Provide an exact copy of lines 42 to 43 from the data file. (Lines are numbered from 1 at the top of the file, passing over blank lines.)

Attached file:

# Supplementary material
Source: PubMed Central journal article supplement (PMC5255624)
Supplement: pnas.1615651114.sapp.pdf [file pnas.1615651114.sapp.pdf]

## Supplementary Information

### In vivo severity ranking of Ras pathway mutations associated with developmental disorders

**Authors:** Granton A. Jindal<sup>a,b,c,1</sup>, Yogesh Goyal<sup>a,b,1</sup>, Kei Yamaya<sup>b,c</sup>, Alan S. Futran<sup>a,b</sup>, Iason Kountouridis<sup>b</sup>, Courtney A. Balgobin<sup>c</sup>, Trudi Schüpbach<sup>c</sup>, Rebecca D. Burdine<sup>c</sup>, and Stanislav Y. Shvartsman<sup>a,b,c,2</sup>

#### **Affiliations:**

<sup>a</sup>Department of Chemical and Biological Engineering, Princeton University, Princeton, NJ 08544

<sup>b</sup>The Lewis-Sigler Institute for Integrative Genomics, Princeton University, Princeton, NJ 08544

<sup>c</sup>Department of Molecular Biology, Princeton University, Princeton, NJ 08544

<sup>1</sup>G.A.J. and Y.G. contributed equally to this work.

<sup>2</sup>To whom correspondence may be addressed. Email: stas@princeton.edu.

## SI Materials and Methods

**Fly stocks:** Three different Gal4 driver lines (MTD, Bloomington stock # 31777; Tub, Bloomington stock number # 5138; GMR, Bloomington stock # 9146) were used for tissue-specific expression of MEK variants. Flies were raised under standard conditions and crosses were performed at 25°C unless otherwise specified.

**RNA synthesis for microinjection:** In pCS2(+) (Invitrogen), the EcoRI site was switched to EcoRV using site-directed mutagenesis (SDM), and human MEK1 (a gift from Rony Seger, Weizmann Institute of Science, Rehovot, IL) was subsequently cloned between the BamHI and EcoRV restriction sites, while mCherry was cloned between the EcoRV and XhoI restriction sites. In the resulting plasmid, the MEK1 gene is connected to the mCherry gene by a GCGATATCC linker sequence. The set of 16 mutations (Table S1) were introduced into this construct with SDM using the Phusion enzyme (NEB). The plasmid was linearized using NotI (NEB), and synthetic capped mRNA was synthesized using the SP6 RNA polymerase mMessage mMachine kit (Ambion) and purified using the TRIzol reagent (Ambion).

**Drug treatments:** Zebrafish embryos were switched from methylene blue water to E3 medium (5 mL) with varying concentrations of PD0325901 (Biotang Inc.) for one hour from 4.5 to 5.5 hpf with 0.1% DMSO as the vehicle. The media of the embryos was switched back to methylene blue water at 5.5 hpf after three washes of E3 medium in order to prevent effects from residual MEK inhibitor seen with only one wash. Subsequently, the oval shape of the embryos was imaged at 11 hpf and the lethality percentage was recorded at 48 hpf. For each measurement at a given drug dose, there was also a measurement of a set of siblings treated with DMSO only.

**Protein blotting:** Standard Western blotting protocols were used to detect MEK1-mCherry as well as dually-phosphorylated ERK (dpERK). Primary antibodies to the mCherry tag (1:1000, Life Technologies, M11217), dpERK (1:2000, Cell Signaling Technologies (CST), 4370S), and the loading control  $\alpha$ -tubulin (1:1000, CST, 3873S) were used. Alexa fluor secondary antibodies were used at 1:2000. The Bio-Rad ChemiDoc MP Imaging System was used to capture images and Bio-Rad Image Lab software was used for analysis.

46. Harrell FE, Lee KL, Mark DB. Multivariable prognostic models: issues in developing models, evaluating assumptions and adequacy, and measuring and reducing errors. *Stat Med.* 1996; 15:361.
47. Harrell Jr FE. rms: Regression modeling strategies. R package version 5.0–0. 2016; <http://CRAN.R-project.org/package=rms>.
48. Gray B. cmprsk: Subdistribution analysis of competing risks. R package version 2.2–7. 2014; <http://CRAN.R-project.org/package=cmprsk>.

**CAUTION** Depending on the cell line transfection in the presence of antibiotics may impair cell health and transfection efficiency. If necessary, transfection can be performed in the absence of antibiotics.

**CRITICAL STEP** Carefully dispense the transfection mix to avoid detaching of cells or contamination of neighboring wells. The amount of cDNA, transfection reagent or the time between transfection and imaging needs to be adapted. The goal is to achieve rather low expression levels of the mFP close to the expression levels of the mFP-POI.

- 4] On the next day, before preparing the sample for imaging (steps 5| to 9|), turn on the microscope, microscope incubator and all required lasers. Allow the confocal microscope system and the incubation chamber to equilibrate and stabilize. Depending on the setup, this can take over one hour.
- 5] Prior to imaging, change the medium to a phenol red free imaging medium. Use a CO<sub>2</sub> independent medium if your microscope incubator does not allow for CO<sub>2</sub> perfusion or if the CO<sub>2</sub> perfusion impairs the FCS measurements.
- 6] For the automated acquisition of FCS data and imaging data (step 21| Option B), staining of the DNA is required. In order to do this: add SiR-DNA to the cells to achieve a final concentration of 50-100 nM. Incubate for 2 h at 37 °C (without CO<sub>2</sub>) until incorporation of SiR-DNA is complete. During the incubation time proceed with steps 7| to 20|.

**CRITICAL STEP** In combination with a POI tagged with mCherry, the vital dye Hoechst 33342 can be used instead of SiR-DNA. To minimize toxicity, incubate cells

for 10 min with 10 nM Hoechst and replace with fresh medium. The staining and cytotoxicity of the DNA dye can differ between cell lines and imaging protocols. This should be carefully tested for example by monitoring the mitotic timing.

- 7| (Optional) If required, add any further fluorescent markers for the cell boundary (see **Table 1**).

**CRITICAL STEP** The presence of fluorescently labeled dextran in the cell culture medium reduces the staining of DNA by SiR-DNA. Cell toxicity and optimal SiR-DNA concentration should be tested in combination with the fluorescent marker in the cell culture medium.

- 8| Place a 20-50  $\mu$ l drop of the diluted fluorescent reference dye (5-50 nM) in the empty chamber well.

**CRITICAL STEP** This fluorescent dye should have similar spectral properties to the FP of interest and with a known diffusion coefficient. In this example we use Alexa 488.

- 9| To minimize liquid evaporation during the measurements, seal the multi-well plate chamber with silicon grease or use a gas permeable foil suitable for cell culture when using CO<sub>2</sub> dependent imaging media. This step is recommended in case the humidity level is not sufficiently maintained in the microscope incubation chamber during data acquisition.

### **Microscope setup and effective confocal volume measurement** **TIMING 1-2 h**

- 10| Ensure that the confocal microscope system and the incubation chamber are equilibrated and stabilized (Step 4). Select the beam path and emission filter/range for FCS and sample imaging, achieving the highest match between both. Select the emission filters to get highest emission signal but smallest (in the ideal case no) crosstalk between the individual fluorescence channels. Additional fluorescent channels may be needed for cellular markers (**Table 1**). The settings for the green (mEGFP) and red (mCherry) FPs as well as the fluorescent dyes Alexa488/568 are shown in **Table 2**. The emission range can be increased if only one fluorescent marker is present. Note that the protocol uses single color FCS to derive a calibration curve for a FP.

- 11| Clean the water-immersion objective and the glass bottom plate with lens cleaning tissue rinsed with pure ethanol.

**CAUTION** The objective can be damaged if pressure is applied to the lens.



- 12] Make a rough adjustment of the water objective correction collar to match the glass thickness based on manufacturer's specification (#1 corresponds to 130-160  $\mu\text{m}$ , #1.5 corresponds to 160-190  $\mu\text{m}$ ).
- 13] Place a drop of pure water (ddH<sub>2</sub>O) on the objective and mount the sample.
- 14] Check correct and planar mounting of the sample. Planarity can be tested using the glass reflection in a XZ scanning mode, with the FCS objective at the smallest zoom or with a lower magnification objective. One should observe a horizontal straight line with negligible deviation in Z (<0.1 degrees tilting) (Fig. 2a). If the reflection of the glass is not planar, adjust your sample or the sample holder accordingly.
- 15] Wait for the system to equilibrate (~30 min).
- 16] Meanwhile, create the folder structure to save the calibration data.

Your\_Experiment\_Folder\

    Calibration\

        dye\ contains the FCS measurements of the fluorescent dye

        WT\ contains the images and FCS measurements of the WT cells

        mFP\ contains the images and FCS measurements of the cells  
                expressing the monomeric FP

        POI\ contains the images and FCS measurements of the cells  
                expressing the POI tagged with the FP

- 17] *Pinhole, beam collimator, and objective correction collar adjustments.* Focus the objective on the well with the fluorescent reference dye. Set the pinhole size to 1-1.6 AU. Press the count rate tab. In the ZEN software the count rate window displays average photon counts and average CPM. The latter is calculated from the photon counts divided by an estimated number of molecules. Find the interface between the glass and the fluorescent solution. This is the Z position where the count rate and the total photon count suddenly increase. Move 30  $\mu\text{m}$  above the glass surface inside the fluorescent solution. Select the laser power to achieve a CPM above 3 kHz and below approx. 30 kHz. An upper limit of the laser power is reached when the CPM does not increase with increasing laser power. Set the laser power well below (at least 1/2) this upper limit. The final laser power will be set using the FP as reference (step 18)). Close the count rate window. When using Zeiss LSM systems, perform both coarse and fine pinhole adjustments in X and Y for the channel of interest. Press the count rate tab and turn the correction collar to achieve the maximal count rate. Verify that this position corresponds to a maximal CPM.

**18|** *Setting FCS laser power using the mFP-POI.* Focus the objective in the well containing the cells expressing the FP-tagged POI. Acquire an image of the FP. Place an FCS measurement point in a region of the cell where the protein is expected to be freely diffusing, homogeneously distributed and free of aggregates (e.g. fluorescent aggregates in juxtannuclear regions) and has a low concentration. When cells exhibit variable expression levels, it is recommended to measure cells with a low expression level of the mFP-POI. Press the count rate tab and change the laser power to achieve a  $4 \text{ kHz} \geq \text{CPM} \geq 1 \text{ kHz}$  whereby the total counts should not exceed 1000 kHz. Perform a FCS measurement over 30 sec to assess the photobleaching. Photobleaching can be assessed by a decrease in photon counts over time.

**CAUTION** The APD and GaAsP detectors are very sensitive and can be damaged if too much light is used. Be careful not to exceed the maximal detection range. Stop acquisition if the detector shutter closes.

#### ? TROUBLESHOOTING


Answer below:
Your\_Experiment\_Folder\

    Calibration\